U.S. Reshoring Transforming Canadian Manufacturers, Giving New Opportunities and Challenges

American reshoring will challenge both Canada and the United States to change their manufacturing approaches.  This gives both nations an opportunity to keep their workforces and supply chains globally competitive with economic competitors like China.  But it will not return old manufacturing jobs, and may lead to additional job-loss in low-skill manufacturing.

In any case, economic growth now no longer runs solely through access to emerging markets low-cost manufacturing.  Rather, it rests of market access to these nations and advanced economies using sophisticated approaches and a highly skilled workforce to build the in-demand products of the 21st century.

A crucial test for this economic opprotunity:  Whether Canada and the United States can take their economic relationship to the 21st century through the Beyond the Border Action Plan and the Regulatory Cooperation Council.

From the Financial Post:

Earlier this year, research company Alix Partners released a report that showed the United States had reached cost parity with Mexico as a preferred near shoring location, and that it would reach similar parity with China by 2015.

In lay terms, that means it costs American companies no more to keep their production on home turf than it does to offshore it to traditionally low-cost locales in the far east.

From Prof. Biehl’s perspective, much of Canadian manufacturing is still rooted in more traditional production functions that require little skill and can be offshored at anytime.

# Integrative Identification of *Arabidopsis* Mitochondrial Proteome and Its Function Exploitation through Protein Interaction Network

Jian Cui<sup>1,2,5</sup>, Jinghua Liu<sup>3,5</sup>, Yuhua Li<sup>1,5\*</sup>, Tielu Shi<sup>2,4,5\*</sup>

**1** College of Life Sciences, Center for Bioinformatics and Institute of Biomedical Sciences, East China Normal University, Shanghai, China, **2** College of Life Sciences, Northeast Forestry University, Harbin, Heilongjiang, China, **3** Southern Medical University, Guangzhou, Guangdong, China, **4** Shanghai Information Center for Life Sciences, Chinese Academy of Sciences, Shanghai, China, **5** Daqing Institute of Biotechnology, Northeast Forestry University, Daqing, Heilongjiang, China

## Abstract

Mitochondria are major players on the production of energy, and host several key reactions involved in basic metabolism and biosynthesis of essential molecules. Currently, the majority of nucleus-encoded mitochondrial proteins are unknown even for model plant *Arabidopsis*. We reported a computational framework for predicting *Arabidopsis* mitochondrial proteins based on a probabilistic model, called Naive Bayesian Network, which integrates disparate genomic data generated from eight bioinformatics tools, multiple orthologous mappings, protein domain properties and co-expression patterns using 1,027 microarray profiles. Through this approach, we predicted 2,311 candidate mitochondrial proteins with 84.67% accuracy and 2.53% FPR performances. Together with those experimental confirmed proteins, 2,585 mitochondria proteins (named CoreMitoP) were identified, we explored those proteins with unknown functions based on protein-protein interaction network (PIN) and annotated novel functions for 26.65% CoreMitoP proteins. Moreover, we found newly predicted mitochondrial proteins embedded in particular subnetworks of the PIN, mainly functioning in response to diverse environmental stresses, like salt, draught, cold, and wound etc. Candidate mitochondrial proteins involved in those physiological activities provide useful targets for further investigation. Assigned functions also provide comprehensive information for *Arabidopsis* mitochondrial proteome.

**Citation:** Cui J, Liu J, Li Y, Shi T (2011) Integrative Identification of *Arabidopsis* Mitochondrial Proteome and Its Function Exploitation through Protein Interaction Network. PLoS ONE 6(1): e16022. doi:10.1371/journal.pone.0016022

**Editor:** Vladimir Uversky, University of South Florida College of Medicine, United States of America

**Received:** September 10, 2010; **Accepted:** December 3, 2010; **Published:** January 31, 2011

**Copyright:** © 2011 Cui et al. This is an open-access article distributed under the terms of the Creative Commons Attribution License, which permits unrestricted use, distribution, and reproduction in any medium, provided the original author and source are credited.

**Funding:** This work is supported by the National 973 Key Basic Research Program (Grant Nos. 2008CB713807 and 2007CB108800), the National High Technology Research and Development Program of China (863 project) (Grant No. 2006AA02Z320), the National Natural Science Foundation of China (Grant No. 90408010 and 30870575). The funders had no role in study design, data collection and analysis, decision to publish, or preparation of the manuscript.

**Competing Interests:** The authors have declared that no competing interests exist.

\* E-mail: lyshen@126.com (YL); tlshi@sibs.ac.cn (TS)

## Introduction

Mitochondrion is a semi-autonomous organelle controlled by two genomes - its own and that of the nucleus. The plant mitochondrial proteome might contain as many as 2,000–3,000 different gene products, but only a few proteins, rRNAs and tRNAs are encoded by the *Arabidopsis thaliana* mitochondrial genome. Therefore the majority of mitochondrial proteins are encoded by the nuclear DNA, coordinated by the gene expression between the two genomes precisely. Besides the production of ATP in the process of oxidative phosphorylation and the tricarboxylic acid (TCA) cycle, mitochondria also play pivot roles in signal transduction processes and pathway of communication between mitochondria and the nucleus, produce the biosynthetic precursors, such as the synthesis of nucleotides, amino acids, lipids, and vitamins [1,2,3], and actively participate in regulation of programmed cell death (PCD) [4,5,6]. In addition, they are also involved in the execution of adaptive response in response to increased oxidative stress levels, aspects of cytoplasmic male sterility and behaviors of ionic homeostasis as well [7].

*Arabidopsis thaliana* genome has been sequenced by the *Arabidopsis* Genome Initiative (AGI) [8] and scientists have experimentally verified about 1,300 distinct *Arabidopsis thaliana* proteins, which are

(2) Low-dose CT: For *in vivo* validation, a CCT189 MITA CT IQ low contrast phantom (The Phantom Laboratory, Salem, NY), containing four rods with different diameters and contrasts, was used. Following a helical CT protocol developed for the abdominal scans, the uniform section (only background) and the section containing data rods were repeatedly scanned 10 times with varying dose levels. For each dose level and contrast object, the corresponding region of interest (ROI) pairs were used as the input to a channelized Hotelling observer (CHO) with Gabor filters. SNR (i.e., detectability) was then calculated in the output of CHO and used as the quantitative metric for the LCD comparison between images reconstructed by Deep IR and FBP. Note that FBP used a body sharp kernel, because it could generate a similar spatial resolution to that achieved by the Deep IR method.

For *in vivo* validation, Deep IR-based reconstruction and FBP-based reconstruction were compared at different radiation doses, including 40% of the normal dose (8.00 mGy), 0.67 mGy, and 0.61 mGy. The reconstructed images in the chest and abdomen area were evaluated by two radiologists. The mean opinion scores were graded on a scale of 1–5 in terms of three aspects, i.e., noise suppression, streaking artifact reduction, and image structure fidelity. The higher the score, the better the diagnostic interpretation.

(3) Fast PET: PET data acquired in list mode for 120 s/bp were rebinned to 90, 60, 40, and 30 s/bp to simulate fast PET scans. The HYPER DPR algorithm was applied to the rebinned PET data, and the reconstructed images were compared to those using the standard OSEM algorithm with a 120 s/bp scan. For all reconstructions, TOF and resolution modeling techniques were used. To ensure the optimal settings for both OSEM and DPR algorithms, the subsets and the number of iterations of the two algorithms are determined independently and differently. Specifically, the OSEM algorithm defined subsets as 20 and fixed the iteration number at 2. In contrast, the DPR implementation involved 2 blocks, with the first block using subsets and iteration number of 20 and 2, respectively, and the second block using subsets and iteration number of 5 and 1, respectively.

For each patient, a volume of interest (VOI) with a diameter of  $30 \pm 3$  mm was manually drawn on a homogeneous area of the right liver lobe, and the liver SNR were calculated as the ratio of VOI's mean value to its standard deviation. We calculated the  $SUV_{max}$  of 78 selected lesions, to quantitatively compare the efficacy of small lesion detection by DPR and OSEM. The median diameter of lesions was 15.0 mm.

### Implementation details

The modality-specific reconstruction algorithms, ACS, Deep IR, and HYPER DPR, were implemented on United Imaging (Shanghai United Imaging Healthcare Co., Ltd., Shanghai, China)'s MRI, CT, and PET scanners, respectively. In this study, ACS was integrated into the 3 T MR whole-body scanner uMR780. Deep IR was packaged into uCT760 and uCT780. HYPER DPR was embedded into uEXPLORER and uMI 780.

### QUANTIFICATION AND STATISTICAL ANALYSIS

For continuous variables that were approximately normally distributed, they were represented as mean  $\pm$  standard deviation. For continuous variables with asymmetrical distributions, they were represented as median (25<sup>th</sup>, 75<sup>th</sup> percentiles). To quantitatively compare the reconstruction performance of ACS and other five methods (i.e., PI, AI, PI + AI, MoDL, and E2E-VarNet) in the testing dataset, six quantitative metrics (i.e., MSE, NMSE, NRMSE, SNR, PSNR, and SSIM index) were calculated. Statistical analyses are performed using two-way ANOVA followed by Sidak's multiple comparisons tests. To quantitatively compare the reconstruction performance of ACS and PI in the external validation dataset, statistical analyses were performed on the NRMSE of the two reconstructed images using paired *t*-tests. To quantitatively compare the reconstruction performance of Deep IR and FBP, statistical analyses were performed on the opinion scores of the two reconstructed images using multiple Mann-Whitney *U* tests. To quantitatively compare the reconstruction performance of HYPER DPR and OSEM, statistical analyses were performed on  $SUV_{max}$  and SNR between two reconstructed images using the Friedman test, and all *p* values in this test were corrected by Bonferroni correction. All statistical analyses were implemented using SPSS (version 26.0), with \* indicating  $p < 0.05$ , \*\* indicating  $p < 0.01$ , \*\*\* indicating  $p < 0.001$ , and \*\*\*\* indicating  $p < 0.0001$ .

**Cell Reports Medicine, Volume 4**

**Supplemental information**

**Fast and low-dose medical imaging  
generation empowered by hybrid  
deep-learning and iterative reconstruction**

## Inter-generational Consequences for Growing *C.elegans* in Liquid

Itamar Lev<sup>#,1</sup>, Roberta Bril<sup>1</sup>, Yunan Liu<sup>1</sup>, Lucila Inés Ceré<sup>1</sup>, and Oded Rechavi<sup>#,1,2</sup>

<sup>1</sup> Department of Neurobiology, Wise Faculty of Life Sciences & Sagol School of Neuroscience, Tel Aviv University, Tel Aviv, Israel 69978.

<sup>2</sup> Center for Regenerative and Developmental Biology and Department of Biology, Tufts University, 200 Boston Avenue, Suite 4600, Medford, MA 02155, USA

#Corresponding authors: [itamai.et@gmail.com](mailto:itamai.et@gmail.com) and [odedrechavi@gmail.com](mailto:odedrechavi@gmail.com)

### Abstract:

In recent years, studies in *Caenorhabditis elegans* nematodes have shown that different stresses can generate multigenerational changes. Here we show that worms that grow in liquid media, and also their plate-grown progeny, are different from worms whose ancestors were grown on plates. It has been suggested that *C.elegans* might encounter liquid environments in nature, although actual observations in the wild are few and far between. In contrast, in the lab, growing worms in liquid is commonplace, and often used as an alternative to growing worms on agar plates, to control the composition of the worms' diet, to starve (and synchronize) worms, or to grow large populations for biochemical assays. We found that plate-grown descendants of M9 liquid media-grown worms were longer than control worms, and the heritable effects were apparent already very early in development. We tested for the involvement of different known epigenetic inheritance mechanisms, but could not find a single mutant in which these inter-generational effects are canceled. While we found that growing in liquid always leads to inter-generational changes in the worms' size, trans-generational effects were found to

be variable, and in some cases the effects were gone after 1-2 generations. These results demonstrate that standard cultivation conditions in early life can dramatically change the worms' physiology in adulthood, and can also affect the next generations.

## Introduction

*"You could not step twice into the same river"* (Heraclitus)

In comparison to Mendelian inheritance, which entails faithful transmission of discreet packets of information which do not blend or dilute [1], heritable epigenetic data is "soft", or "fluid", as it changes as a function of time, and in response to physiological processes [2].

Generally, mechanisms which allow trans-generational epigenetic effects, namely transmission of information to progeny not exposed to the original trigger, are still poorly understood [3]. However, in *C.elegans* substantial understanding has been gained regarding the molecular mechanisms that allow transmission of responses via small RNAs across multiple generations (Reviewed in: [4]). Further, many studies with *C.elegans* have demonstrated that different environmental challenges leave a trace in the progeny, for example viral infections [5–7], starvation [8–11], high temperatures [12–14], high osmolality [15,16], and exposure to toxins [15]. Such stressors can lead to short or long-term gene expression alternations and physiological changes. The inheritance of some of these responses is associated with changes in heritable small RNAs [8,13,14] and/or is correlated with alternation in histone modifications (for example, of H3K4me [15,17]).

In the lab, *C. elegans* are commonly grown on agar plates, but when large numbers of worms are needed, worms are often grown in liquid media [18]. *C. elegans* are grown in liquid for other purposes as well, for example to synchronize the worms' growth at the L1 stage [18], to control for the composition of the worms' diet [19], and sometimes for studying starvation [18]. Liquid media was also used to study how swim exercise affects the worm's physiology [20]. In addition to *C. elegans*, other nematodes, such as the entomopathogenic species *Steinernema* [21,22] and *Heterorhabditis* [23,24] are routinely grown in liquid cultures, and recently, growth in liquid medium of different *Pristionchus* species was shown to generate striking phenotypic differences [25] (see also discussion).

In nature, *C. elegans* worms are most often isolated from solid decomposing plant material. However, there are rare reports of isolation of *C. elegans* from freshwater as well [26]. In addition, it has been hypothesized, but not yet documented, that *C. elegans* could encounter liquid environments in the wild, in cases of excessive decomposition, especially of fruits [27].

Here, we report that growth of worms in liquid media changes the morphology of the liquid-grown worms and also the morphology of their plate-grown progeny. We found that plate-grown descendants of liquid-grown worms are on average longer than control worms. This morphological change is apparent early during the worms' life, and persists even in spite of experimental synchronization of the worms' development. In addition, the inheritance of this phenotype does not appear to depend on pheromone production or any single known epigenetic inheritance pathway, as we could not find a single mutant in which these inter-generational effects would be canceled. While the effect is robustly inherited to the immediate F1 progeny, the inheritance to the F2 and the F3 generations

“In Toronto, we have manufacturers who make margarine tubs — a low value item that is low risk and low capability. That is something that you can easily purchase from somewhere else. Why do we do that here? Maybe someone can eek out a living, but that doesn’t contribute much to our manufacturing sector.”

Observers predict there will be a significant contraction in the volume of manufacturing jobs and that the remaining jobs will be require much greater degrees of skill and training.

Prof. Biehl points to Germany as a successful case study of a jurisdiction with high labour costs and an unfavourable currency value that has succeeded in exporting its wares to the world.

“Not only do they sell their products but they’re able to customize their products to the demands of the customers, but also then provide services like installation, maintenance and trouble shooting through highly experience technicians or engineers… it’s a whole package they’re selling, not just a machine.”


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